• Decisions regarding how to record observational data depend largely on the focus of the research question and the analytical approach proposed.
  • If the researcher is trying to understand how people behave together and the people in question can see each other, then the use of video may be recommended.  This is because of the important role that bodily-based behavior plays in our social processes.  Without this visual information, the researcher may not fully understand what transpires (e.g. physician-patient encounters).  Additionally, capturing the details of this behavior in fieldnotes will be difficult.
  • Audio-recording a telephone counseling session makes sense because the two interactants (and the researcher) only have access to verbal communication.
  • Audio and video recordings afford the researcher the opportunity to transcribe what occurs in a setting and play it over and over.  This can be very useful in the analysis process.


Participant observers may use multiple methods to gather data.  One primary approach involves writing fieldnotes.  There are several guides for learning how to prepare fieldnotes

Researchers may be interested in creating or using a template to guide a researchers' observations. 

  • Templates or observational coding sheets can be useful when data is collected by inexperienced observers
  • Templates or observational coding sheets should only be developed after observation in the field that is not inhibited by such a template
  • Theories and concepts can be driven by templates and result in focused data collection
  • Templates can deflect attention from unnamed categories, unimagined and unanticipated activities that can be very important to understanding a phenomenon and a setting 


Immersion and prolonged involvement in a setting can lead to the development of rapport and foster free and open speaking with members.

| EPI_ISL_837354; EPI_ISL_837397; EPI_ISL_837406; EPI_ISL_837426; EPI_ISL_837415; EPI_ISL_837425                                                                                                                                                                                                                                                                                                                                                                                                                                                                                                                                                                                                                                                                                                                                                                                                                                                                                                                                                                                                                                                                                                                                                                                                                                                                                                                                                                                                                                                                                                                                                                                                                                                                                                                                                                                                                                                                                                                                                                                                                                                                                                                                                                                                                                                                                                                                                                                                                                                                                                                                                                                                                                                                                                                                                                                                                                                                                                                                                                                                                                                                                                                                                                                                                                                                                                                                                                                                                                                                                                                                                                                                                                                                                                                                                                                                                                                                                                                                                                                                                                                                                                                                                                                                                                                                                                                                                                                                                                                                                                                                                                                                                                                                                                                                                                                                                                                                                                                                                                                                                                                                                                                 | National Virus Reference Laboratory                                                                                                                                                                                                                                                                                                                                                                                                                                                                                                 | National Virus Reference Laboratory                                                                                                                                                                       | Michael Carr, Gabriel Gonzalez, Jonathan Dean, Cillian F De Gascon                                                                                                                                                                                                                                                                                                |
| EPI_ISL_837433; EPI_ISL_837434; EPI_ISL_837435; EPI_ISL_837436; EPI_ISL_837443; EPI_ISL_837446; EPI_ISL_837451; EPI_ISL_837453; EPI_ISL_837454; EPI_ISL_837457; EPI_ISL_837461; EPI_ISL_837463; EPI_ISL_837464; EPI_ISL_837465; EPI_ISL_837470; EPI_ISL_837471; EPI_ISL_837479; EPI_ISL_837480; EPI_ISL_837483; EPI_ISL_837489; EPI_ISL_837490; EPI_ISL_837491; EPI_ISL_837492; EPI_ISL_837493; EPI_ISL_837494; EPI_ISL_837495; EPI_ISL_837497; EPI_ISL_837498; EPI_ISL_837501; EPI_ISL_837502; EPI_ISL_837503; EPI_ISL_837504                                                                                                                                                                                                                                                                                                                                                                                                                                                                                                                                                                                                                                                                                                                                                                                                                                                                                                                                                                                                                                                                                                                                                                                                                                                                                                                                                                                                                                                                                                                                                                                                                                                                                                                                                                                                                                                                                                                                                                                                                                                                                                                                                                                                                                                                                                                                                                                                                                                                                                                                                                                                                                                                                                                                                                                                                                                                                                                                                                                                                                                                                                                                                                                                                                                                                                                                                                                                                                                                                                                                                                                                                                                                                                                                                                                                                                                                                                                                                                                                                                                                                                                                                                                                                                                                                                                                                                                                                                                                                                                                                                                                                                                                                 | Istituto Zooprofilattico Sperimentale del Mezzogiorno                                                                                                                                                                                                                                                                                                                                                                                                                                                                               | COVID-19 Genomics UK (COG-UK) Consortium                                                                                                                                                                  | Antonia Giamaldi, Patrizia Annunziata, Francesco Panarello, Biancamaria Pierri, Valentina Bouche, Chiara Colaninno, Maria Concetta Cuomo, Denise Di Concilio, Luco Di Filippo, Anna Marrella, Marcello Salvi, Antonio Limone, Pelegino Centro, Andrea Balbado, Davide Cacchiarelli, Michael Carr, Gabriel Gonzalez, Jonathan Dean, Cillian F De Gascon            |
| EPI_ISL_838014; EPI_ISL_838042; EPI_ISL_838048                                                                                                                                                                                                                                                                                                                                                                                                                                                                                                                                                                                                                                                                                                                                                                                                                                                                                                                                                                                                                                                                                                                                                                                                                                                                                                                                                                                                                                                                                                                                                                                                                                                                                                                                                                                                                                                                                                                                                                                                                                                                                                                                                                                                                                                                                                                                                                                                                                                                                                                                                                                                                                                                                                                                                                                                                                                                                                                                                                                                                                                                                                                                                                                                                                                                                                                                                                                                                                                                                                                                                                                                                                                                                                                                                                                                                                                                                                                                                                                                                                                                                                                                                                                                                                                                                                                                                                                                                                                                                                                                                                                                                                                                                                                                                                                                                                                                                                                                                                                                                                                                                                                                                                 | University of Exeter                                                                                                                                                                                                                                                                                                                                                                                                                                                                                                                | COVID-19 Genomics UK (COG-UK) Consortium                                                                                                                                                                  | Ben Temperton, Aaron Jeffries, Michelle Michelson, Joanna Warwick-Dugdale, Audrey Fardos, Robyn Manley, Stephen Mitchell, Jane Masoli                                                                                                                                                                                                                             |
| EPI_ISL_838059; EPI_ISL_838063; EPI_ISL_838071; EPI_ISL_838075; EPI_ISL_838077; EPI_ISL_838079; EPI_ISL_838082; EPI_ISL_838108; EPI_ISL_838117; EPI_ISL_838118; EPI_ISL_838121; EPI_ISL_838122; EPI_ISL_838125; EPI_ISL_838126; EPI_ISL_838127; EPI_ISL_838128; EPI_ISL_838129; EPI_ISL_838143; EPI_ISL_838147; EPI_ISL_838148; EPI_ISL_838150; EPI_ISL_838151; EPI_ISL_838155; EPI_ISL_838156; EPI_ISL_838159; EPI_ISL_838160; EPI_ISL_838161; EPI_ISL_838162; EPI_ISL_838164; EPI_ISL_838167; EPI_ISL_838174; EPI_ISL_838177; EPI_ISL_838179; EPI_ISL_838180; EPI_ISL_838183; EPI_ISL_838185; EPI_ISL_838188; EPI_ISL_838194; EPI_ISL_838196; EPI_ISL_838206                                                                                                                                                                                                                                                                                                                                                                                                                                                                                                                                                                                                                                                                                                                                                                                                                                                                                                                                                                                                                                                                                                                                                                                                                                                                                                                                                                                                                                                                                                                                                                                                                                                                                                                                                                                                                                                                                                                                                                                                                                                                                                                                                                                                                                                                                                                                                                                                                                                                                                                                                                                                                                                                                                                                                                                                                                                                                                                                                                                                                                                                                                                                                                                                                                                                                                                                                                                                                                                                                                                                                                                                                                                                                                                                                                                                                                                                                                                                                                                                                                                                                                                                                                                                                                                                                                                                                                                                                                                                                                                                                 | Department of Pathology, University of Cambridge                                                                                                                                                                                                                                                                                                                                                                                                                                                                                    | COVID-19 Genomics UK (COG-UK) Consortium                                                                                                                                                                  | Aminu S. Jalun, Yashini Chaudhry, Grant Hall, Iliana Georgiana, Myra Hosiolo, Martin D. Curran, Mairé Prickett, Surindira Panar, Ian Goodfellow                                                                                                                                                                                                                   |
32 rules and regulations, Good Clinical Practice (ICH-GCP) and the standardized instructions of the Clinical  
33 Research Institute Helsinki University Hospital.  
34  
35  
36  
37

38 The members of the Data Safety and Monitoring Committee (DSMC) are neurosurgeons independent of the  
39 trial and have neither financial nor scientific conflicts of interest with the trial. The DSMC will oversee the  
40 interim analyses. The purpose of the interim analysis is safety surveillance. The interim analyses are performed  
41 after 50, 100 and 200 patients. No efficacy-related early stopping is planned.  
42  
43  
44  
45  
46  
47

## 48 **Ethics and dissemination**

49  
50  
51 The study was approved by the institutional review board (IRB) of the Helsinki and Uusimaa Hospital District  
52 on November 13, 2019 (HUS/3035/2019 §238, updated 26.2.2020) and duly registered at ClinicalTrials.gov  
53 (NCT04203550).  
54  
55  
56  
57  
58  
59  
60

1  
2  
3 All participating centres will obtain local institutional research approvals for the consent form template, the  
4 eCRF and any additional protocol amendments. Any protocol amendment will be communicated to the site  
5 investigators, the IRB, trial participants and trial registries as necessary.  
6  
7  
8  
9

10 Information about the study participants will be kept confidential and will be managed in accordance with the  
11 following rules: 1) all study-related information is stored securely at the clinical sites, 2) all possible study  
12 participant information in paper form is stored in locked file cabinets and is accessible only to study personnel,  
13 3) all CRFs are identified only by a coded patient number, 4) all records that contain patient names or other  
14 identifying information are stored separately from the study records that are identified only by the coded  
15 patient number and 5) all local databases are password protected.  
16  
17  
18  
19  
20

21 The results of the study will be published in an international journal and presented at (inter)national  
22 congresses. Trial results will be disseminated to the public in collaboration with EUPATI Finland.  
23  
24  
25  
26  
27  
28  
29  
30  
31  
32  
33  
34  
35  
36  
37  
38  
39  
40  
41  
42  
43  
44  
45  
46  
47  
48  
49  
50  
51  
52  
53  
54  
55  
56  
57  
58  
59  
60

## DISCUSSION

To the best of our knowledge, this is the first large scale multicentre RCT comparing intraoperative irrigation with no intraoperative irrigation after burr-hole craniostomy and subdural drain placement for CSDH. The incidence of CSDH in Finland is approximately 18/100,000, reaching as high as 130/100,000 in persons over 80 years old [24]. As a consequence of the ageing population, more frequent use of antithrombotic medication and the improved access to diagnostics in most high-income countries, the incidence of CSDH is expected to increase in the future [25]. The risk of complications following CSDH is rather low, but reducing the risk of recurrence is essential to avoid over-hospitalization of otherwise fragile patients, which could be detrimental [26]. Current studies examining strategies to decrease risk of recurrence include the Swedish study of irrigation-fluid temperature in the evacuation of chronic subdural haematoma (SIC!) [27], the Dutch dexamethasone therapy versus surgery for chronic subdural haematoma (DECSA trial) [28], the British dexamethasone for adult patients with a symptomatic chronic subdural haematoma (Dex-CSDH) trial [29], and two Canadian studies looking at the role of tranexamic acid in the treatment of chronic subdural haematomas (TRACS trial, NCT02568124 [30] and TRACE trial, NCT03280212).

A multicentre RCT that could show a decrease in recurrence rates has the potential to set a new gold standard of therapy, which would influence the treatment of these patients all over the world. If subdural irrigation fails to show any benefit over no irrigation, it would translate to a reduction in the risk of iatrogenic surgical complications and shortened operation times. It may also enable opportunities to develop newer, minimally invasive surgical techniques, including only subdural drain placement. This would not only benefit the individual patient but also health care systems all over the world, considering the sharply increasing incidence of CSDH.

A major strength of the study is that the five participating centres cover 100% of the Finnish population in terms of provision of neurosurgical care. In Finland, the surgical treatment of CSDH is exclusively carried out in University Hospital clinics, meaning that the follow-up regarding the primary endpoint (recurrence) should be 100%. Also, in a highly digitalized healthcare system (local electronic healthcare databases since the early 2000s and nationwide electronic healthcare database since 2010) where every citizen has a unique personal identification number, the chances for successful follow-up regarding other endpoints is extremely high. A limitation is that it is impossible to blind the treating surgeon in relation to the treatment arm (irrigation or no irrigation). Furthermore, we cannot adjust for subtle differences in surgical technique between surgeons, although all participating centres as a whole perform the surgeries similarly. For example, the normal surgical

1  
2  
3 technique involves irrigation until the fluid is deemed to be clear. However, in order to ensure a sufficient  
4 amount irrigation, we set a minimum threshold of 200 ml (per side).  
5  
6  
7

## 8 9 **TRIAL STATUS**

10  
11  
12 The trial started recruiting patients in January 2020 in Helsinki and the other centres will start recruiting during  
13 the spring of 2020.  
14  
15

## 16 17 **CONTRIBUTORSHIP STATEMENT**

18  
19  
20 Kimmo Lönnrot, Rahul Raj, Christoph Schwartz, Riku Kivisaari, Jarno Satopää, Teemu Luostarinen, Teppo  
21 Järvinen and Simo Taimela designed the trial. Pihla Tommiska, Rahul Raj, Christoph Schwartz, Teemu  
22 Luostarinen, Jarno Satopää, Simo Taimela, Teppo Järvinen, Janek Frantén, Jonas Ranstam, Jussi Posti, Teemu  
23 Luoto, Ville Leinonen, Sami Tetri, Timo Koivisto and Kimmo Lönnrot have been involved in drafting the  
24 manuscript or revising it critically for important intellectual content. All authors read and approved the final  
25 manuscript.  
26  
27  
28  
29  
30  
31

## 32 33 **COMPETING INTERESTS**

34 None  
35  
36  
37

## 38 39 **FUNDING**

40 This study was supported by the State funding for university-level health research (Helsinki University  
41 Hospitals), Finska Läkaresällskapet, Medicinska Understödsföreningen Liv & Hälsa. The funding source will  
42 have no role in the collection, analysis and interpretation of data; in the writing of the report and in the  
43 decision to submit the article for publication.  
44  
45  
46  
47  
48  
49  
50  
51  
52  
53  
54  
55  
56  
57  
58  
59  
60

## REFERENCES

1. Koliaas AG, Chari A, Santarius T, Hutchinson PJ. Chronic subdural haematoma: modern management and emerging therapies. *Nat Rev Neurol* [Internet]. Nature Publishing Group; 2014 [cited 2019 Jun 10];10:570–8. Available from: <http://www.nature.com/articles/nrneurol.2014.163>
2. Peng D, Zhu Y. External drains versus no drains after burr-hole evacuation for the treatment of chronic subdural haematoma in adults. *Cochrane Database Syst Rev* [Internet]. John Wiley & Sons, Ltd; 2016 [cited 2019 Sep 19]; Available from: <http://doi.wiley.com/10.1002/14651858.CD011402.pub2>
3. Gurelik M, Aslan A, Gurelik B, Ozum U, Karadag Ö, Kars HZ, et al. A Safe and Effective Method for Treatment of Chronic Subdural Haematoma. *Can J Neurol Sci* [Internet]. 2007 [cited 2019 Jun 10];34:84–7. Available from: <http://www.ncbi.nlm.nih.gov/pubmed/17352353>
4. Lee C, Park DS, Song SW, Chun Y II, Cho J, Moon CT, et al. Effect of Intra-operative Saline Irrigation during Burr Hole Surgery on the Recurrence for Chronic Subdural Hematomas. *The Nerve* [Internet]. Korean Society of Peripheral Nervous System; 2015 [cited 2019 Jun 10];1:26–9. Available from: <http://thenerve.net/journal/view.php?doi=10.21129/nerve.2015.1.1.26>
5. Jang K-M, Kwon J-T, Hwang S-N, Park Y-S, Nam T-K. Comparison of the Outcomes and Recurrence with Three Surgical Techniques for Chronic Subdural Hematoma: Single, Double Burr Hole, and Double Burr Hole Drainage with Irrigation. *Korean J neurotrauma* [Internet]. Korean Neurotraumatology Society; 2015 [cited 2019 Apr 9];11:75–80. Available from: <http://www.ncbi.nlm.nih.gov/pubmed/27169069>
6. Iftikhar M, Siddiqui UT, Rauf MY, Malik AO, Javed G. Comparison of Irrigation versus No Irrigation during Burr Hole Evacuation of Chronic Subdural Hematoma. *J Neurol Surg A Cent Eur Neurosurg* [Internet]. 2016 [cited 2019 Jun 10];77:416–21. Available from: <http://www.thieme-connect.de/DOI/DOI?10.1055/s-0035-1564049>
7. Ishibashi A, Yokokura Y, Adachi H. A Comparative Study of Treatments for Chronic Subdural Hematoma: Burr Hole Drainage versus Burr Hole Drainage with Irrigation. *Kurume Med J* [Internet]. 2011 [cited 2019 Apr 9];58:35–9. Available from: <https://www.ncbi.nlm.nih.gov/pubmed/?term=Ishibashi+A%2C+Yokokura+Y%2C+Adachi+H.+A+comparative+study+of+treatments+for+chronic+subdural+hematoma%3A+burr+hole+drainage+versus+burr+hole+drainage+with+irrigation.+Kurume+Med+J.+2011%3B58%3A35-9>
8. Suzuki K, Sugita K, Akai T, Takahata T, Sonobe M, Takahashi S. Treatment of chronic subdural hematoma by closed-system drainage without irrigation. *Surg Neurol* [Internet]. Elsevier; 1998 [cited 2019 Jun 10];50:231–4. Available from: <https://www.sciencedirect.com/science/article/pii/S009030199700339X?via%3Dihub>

Observation fosters an in depth and rich understanding of a phenomenon, situation and/or setting and the behavior of the participants in that setting. 

Observation is an essential part of gaining an understanding of naturalistic settings and its members' ways of seeing. 

Observation can provide the foundation for theory and hypothesis development.



Adler, PA and Adler, P. (1987). Membership roles in field research. Newbury Park, CA: Sage Publications.

Atkinson, P. & Hammersley, M. (1994). "Ethnography and participant observation." In NK Denzin and YS Lincoln (Eds.) Handbook of Qualitative Research (pp. 248-261). Thousand Oaks, CA: Sage Publication.

Bernard, HR. (1988). Research Methods in Cultural Anthropology. (pp 152-160). Newbury Park, CA: Sage Publications.

Bogdewic, SP. (1999). "Participant Observation" (pp. 47-70). In BF Crabtree and WL Miller (Eds.) Doing Qualitative Research (2nd Edition). Thousand Oaks, CA: Sage Publications.

Creswell, JW. (1998). Qualitative Inquiry and Research Design Choosing Among Five Traditions. Thousand Oaks, CA: Sage Publications.

Fetterman, DM. (1998). Ethnography Step by Step (2nd Edition). Thousand Oaks, CA: Sage Publications.

Gold, R. (1958). "Roles in sociological field observation."  Social Forces, 36, 217-213.

Jorgensen, DL. (1989). Participant Observation: A Methodology for Human Studies. Newbury Park, CA: Sage Publications.

Hammersely, M. and Atkinson, P. (1995). Ethnography Principles in Practice (2nd Edition). NY: Routledge.

Holloway, I. (1997). Basic Concepts for Qualitative Research. London: Blackwell Science.

Lindloff, TR. & Taylor, BC. (1995). Qualitative Communication Research Methods. Thousand Oaks, CA: Sage Publications.

Lofland, J. & Lofland, LH. (1995). Analyzing Social Settings. (3rd Edition). NY: Wadsworth Publication Company.

Savage, J. (2000). "Participative observation: Standing in the shoes of others?" Qualitative Health Research (10) 3, pp. 324-339.

Silverman, D. (2001). Interpreting Qualitative Data. (2nd Edition). Thousand Oaks, CA: Sage Publications.